Expect ethical dog breeders to ask you questions too, showing they care about the puppy’s future wellbeing. A breeder will be concerned about their puppies and want to know all about who you are to make sure each puppy has a good home for life.
5. Health reporting is key
At the very minimum, ethical purebred dog breeders have a vet do regular health checks on their dogs, so ask your breeder for the latest vet report. Read our article on purebred dog pros and cons to find out why this is so important.
And if you’re set on getting a purebred pooch, do a bit of research on the breed’s common health issues. That way you can ask a breeder if they’ve done the required health checks and testing, which could include any of these:
- Dog DNA tests
- Hip scoring
- Elbow grading
- Thyroid tests
- Heart testing
- Eye testing
- Hearing tests
When it comes to the above, the more the merrier so to speak. It’s a great indication that the breeder is professional and considered in their work. It’s important to understand what you are buying, along with a lifetime of love.
If your breed does tend to have certain health issues, ask the breeder what they’ve done to help prevent these from being passed on from parent to pup.
6. Use the dog professional network to find ethical dog breeders
If you want to find a trusted breeder, speak to your vet about a referral. Ask around at puppy schools, local dog clubs and events. Also talk to other pet parents or ask their breeder or vet for a reference.
The internet is a good place to check out what others say, e.g. on a breeders’ social media pages, but getting a trustworthy in-person reference is often more valuable. Read how to buy a puppy safely too.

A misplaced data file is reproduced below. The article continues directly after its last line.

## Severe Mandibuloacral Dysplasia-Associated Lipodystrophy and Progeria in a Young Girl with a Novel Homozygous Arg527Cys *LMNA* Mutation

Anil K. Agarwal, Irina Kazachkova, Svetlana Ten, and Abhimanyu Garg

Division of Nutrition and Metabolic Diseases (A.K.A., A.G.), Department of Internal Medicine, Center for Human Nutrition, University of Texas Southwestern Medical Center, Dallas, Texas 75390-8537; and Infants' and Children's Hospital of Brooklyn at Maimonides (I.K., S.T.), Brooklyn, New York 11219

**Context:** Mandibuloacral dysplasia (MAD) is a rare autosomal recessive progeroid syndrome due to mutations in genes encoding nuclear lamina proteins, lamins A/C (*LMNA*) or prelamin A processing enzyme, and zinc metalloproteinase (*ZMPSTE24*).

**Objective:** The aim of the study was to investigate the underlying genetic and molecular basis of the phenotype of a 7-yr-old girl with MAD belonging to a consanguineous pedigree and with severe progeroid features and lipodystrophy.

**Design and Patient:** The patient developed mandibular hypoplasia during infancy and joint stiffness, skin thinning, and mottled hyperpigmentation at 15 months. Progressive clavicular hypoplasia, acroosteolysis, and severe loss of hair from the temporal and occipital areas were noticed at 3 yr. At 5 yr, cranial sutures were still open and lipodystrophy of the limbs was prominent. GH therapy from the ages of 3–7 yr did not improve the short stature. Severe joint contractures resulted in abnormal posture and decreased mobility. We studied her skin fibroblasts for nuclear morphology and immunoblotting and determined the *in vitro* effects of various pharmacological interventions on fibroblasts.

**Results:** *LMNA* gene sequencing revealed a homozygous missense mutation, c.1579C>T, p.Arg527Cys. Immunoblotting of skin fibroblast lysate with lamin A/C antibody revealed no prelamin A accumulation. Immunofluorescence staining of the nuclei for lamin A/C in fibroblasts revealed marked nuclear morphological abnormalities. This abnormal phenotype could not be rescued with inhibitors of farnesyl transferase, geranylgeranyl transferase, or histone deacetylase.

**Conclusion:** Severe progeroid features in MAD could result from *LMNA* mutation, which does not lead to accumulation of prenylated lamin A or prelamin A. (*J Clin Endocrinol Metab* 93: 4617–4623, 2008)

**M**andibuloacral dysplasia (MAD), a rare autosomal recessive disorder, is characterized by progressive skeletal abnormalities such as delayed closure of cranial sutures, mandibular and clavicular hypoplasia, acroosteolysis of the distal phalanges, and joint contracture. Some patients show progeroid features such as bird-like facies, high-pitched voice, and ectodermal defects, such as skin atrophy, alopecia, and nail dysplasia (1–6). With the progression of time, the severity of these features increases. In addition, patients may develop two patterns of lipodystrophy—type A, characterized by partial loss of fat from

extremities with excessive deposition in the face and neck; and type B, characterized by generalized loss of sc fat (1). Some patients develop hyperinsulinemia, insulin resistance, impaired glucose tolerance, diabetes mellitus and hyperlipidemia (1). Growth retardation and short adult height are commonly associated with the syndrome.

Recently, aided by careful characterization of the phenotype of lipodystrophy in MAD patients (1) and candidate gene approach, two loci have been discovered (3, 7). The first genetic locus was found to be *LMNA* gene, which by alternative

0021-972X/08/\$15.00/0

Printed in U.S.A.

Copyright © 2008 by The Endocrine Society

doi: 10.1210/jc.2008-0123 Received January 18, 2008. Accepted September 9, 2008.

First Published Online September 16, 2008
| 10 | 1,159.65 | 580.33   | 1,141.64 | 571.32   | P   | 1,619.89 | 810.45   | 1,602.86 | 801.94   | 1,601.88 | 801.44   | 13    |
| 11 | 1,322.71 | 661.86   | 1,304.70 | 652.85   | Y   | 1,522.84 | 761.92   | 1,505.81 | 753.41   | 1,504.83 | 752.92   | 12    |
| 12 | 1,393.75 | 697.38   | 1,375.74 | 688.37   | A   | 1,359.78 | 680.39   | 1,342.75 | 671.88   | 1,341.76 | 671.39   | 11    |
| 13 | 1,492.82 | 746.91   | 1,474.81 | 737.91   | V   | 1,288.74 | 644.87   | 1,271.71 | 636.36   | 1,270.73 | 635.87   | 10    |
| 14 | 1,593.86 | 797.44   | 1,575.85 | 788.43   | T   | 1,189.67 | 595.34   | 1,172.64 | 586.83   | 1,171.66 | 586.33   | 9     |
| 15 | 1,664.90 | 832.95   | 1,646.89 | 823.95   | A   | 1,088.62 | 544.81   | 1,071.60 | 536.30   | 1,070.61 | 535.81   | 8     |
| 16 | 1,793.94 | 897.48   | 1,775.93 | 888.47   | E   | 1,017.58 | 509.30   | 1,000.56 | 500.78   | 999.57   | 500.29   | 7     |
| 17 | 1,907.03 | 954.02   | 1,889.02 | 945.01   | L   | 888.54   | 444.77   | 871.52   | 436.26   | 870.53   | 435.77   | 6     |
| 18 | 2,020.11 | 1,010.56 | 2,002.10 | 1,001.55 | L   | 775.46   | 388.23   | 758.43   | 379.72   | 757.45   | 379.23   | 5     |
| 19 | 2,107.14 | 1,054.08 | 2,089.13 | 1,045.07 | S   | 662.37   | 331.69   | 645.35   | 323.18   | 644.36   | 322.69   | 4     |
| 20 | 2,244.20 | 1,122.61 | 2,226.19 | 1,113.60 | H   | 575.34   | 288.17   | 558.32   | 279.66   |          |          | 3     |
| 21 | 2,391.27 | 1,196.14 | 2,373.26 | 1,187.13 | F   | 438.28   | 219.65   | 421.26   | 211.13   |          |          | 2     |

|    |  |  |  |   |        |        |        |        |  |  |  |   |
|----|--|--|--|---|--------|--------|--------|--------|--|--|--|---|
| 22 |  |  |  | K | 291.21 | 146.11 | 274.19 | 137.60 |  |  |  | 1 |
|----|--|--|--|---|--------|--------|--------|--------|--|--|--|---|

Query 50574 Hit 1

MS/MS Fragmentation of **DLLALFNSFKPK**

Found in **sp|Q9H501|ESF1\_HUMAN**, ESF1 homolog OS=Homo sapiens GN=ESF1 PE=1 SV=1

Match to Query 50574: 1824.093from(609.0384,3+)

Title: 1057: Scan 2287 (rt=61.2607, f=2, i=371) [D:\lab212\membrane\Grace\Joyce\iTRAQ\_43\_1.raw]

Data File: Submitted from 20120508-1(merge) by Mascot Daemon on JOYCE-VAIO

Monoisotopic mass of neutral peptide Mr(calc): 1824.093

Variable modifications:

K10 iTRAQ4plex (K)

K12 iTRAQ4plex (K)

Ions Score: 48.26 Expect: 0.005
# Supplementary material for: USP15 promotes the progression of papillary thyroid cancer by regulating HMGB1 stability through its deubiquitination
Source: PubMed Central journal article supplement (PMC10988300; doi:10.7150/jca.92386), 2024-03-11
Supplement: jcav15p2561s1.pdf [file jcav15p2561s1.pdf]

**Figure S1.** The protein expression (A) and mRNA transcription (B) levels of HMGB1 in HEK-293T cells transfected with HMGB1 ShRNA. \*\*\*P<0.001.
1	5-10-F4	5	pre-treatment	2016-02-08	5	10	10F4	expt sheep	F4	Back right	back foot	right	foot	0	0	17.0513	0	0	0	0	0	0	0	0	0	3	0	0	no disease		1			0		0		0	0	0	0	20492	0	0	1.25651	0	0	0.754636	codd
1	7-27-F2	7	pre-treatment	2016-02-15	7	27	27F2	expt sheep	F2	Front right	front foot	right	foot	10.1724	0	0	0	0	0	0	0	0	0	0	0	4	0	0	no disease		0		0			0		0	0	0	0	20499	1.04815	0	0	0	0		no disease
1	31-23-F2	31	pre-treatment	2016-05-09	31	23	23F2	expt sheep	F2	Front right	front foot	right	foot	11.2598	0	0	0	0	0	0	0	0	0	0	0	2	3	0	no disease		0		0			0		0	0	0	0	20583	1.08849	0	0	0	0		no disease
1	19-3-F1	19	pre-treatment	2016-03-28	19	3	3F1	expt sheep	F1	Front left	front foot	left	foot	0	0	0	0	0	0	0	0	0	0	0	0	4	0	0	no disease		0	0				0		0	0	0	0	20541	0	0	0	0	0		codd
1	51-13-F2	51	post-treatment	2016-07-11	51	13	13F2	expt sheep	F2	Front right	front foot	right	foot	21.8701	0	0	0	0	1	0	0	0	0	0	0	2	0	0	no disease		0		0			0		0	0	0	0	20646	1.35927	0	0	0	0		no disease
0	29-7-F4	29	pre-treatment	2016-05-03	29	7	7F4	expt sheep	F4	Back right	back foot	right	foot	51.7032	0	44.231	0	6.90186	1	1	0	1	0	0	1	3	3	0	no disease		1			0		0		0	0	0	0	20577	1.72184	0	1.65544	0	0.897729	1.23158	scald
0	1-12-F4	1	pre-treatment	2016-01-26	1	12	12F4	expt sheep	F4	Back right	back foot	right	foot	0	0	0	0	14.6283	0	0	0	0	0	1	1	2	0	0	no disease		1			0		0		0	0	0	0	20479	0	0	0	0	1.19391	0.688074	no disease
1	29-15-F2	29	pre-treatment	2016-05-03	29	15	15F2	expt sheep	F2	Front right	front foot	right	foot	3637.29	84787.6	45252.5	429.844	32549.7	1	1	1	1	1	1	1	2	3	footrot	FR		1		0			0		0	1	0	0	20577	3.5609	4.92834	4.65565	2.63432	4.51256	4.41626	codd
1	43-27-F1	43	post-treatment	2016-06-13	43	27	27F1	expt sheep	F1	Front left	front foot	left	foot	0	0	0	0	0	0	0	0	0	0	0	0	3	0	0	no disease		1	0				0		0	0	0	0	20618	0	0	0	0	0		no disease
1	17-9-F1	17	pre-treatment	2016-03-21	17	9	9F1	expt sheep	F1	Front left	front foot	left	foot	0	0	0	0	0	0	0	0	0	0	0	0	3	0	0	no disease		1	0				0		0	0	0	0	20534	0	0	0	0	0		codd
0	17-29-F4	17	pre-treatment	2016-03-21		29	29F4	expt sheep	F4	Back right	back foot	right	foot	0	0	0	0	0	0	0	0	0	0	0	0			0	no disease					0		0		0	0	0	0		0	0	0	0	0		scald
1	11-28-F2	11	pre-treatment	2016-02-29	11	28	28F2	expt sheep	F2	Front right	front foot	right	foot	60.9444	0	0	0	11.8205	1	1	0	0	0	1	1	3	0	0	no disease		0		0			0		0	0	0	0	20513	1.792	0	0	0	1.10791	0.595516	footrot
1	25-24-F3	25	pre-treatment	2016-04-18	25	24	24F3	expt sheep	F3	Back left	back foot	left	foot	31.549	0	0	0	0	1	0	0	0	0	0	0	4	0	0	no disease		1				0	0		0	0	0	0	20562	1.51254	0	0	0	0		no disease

7. Visit in person, more than once
Visit the puppy multiple times at the breeder and at different times of the day. This gives you the best chance to see if they’re healthy and happy. If you only visit once, a scammer can put on a show making it look like the puppy’s in a safe environment.
Plus, be aware some unethical breeders may meet you at a house that they say is their homely breeding premises but is actually a front.
8. Meet the parents at the ethical dog breeders
We’re not being paranoid – puppy theft is becoming a major problem. Read about stolen dogs in New Zealand here. If you meet the parents, this a) shows the puppy isn’t stolen and b) gives you a chance to see how healthy they are.
Puppy mills may keep breeding dogs chained/in cages, only releasing them to put on a show for potential buyers. Take note of whether the parent dogs show signs of fear. (Read is my dog scared to know what to look for)
9. Check the food and water bowls
Check to see if the food and water for the puppy and parents is clean and well kept. This is a good indication of how the dogs are being treated. Take a look around at the areas the dogs occupy – does it look conducive to healthy, happy puppies?
10. Consider adopting a shelter dog instead
There could be a lovable furball bursting with love and waiting to lock hearts with you in a shelter. Read our dog adoption checklist and bringing home an adopted dog.. Then you can both settle into life together quickly and relatively easily.
Pet insurance for dogs and puppies (and cats too)!
If you’re adopting an adult, know our easy to use online dog insurance comes in three affordable packages and we’ll give you one month free if you buy online. If you have more than one pet, you’re eligible for our multiple pet insurance discount.
Got your pup in your sights? Get a quick quote now.